All good things must come to an end, and so I must end this Tuesday torrent of tumultuous sound in order to pay a small amount of attention to the rest of my life. If you’ve managed to make your way through all four parts of this round-up, congratulations on your fortitude and thank you (and I’m sure the bands would thank you too), but I assume no responsibility for the cost of medical treatment for your eardrums.
In this final chapter, I’ve ranged far and wide in genre terms, perhaps more so than in the previous chapters. Buckle up for a swerving ride.
Songs like “It Takes Form” make me feel like Pavlov’s dog at the sound of the dinner bell: I start salivating uncontrollably. This kind of utterly morbid but powerfully electrifying vintage death metal, composed and performed this masterfully, always seems to have that effect.
The track comes from the new album by Chicago’s Cardiac Arrest, a band whose roots go back to the mid-’90s. The new one is named A Parallel Dimension of Despair; it features cover art by Juanjo Castellano and mastering by Javi Felez at Spain’s Moontower Studios; and it will be released by Memento Mori on April 23rd.
And yes, this is old school death metal — of a particularly putrid and grinding kind. The deep, drilling riffs are mean as shit; the drum rhythms get a hammer lock on your skull as they pummel in a fury and scamper like a punk; and the vocals are, of course, guttural and grotesque. The song pounds and punches, seethes and swarms, and it includes a guitar solo that’s pure derangement. It’s also powerfully catchy. And with the right kind of crowd, it could generate a mosh pit that would send people to the emergency room.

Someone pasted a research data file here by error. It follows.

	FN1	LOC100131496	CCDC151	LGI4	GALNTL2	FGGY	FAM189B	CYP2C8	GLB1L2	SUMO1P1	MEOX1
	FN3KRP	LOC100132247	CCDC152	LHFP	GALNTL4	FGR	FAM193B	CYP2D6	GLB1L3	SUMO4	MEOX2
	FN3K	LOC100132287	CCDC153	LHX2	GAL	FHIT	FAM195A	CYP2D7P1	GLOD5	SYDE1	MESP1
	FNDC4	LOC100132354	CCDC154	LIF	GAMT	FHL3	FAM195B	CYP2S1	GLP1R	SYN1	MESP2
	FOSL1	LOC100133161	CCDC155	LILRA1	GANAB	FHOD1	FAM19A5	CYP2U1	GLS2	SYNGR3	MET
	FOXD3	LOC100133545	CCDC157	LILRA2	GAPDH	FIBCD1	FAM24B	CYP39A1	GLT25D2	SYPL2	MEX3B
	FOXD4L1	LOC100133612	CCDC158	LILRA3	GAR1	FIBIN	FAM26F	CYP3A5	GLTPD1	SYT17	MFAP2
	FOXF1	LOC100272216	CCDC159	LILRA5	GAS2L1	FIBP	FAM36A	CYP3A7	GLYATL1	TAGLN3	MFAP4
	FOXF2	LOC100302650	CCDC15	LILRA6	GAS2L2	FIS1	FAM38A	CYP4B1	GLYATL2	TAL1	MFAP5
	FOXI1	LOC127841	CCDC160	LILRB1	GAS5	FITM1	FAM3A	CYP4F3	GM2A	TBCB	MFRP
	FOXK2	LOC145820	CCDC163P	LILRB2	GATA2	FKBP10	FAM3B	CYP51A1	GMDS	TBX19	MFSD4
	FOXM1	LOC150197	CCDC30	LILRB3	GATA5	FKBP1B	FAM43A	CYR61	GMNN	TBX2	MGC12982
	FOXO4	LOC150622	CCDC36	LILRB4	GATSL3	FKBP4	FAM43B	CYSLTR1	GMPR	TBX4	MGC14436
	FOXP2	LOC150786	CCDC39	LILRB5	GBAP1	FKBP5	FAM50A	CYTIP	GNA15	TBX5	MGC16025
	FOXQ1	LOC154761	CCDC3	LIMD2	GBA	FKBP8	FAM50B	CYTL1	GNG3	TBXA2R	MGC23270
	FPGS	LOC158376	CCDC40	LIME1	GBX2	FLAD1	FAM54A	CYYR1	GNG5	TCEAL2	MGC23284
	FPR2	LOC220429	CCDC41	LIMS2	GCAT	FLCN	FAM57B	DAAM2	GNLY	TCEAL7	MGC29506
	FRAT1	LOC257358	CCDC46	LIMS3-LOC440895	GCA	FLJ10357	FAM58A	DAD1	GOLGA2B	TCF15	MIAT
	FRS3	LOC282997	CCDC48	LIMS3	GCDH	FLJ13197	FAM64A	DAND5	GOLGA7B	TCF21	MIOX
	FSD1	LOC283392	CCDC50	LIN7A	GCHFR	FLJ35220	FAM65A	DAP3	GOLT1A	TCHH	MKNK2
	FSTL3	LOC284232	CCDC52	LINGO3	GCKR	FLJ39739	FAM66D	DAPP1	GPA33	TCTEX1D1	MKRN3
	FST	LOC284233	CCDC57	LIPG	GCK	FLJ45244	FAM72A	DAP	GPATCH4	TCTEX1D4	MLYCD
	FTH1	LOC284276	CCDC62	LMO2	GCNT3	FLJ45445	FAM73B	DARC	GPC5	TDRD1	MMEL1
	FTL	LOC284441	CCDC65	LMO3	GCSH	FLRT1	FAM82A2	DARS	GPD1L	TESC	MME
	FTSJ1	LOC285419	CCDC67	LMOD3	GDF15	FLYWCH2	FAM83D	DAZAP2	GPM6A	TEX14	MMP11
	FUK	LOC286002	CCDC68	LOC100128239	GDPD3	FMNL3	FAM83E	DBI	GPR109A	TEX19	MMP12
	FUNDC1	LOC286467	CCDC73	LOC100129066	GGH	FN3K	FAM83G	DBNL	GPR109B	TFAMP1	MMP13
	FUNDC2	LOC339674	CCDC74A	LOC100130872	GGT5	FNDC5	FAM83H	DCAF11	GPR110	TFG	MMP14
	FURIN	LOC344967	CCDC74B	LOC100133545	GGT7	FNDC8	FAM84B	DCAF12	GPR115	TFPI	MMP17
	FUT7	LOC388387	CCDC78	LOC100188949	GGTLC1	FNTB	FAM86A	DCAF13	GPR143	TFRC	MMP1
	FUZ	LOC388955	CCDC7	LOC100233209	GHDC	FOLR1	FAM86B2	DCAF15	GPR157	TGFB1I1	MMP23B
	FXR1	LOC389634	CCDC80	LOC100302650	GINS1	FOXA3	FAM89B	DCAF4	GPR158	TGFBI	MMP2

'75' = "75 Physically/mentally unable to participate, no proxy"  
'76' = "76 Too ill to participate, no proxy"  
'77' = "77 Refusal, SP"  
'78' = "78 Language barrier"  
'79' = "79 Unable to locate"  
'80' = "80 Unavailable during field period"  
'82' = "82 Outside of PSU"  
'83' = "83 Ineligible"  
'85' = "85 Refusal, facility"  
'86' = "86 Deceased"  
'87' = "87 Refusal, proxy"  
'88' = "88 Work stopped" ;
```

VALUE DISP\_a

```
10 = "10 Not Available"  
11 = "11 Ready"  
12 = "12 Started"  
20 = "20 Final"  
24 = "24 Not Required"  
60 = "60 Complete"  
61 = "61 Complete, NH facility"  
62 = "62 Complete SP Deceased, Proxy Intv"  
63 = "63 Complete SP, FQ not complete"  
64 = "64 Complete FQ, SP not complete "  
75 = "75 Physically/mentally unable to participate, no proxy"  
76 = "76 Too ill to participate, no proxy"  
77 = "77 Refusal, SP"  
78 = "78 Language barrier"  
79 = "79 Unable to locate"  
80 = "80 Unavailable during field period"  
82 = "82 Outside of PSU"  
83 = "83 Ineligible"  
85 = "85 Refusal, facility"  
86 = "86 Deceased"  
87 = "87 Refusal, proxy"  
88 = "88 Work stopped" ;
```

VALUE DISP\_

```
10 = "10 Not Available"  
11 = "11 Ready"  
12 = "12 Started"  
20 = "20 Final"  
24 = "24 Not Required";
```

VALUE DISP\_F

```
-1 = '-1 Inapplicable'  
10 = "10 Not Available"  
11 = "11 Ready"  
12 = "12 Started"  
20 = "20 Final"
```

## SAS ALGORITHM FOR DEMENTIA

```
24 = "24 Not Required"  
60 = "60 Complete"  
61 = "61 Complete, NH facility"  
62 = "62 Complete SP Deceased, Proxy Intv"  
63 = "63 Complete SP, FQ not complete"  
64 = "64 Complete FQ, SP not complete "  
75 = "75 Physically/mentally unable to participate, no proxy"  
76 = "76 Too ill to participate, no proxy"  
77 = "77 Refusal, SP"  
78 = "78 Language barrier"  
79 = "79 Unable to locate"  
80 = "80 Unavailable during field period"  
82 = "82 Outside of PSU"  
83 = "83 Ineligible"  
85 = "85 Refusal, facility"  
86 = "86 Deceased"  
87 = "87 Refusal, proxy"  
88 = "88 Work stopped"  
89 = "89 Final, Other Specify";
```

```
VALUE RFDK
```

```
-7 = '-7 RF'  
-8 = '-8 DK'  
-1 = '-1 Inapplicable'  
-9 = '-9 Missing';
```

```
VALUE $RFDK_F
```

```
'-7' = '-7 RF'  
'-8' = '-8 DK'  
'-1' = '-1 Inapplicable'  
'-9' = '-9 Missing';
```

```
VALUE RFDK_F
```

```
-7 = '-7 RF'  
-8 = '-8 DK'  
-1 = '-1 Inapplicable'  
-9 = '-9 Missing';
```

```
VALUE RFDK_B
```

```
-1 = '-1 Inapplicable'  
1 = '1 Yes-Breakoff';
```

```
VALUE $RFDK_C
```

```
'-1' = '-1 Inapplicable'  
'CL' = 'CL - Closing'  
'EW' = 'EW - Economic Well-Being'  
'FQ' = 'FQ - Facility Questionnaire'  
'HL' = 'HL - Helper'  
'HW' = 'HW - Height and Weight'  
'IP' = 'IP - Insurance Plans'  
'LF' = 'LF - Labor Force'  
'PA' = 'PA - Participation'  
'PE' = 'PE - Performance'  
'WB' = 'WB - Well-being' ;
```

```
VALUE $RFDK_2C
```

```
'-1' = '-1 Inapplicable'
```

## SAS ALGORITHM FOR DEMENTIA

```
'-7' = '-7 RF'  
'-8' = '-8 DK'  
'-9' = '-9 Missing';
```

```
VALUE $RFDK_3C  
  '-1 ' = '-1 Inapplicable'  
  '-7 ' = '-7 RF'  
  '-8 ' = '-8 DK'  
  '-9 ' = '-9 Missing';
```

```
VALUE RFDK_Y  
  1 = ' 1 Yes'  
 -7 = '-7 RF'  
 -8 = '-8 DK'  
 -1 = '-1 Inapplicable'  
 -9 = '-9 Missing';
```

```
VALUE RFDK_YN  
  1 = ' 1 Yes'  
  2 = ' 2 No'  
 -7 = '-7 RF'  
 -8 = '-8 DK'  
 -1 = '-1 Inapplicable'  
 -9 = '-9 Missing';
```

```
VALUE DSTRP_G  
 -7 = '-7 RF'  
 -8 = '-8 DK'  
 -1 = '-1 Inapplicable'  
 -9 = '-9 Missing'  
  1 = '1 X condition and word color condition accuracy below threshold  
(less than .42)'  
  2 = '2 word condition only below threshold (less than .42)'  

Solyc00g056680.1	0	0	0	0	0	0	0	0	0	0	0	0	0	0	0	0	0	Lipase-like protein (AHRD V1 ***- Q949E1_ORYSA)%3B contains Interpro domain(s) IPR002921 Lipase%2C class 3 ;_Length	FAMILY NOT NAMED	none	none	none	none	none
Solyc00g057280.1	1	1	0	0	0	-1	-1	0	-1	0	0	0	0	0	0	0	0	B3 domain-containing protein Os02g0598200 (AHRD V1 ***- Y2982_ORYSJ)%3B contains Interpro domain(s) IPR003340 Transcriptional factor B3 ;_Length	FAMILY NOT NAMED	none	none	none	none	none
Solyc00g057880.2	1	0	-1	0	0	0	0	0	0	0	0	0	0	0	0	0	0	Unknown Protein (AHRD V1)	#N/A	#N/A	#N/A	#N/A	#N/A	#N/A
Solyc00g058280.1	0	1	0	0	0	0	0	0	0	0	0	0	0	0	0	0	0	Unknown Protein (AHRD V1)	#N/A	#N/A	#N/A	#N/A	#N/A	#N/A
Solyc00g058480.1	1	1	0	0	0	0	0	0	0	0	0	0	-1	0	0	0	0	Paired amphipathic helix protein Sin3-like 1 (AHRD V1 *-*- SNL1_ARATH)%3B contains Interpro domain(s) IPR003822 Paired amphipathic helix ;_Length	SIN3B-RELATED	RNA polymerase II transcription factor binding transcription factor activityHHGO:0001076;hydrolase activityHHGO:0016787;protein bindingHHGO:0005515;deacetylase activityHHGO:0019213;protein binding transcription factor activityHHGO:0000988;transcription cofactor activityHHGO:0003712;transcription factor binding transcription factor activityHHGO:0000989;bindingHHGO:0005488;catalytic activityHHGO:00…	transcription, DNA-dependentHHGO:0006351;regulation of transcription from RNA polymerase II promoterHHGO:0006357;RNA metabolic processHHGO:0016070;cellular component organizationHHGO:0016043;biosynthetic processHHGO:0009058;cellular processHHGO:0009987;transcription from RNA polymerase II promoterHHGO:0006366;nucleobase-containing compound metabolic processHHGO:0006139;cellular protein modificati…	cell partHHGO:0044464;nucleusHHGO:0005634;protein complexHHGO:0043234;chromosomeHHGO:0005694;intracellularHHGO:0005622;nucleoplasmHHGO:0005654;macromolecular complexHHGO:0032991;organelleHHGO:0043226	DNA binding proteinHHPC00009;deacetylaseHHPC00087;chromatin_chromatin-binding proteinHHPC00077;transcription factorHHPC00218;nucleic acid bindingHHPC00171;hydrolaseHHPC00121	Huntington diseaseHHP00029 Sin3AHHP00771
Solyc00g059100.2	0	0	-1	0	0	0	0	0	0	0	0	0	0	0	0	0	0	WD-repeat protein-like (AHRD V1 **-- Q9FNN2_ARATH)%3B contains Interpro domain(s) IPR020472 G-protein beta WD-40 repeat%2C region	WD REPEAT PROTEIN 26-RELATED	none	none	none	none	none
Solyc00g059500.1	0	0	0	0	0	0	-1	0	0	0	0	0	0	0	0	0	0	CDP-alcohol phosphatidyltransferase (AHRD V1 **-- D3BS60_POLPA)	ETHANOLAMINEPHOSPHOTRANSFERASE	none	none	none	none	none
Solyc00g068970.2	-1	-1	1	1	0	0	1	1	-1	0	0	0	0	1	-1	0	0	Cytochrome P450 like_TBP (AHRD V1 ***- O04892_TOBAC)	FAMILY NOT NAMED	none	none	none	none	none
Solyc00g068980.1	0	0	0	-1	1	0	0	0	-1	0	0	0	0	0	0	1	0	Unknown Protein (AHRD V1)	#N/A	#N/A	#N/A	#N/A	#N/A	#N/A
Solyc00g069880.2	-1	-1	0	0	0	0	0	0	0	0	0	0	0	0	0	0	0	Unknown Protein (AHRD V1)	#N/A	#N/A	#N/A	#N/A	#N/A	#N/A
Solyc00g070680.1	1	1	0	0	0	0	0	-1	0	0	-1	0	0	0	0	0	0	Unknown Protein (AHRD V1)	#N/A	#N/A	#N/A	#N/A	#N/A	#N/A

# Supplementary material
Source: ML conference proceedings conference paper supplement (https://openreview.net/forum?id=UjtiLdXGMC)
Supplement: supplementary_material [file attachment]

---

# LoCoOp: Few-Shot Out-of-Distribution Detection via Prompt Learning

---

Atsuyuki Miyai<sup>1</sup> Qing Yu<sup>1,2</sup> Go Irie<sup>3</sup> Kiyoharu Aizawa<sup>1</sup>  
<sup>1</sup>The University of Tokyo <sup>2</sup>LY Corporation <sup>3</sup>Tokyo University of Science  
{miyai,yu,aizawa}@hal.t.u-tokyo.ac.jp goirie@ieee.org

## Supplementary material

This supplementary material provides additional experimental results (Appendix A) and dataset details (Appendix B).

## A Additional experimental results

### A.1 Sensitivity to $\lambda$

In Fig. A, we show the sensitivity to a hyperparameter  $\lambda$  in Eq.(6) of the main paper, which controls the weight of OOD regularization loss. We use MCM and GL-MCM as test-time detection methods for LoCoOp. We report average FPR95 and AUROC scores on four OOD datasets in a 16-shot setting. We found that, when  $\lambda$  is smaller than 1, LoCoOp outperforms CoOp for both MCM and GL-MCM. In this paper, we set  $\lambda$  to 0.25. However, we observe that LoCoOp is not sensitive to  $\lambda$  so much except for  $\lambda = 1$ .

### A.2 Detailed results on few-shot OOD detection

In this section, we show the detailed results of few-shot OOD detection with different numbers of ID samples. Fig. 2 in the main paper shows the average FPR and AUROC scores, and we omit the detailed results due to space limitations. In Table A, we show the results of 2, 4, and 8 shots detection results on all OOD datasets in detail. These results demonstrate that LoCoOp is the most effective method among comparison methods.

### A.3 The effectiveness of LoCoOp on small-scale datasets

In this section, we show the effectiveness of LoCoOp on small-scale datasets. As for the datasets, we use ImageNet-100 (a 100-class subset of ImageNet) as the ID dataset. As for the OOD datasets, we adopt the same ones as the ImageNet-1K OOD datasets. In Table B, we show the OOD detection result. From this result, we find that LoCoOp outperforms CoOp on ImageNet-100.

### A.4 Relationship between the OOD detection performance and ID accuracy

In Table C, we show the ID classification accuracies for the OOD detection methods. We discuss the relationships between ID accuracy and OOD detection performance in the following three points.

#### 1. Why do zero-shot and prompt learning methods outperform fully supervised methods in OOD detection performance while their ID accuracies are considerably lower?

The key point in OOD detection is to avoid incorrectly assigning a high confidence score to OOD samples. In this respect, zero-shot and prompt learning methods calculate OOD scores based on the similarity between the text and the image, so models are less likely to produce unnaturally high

I warned you that this would be a swerving ride, and now we’re taking a sharp turn away from old school death metal and toward something quite different, but quite punishing (and electrifying) in its own way.
This is a single called “Klovnene“, released today by Rob Mules Records, from the forthcoming third album by the Norwegian punk/metal band Veislakt. The album’s name is Sandnes Undergrunn Circus & Kabaret, and it’s described as a concept record, “a tale of an underground circus from the city of Sandnes” — “stories of happiness, tragedy, murders and violent slapstick humor”.
“Klovnene“, in particular is described as “a song that revolves around the three Russian brothers Jurij, Peter and Vlad and their bloody performance of violent slapstick humor”. The music has a battering and brawling quality, with the kind of low-end punch you usually get only by climbing into the ring with a heavyweight fighter, and the kind of full-bore vocals you usually hear at football matches from people who should have stopped drinking before the game began.
And the song just gets more explosive as it barrels ahead, thanks to a flashy, acetylene-hot solo that I wasn’t expecting. And did I mention that it’s catchier than chlamydia? I mean, not that I would know from personal experience. It’s just an expression. But you might want to wash yourself thoroughly after you listen.
Uhrilahja from Tampere, Finland, wrote to us just this morning (last night in my time zone), to tell us about their new two-song demo, released in late January both digitally and in a limited-edition cassette tape format. I found the e-mail at a time when I could afford to listen right away, to see if it might be something worth recommending to you — and hell yes, it is!
The artwork may be primitive, the band may be new, the demo may represent their first public release, but trust me when I tell you that this trio have impressive talents. Or rather, just trust your ears.
The two songs, “Rite of the Coiling Dragon” and “Svarta Själar“, are eruptions of fiery black metal, complete with a thundering low end, vocals scalding enough to bubble the flesh, and scintillating melodies. The first song is a full-bore, warlike charge with a blend of melodies that are by turns soaring and defiant, and heart-aching. It includes slower, more melancholy (and head-bobbing) sections that feature deep, solemn spoken words and a big bass presence.
The second track is further proof that these folks know how to write melodic riffs and leads that get stuck in the head. This one alternately rocks and races, and moves the mood from fierce heroism, of the mythic variety, to a more somber and reflective pensiveness. There is a sweeping keyboard layer in this track that just makes the heart swell even more (and additional, prominent bass work that really adds to the song’s interest).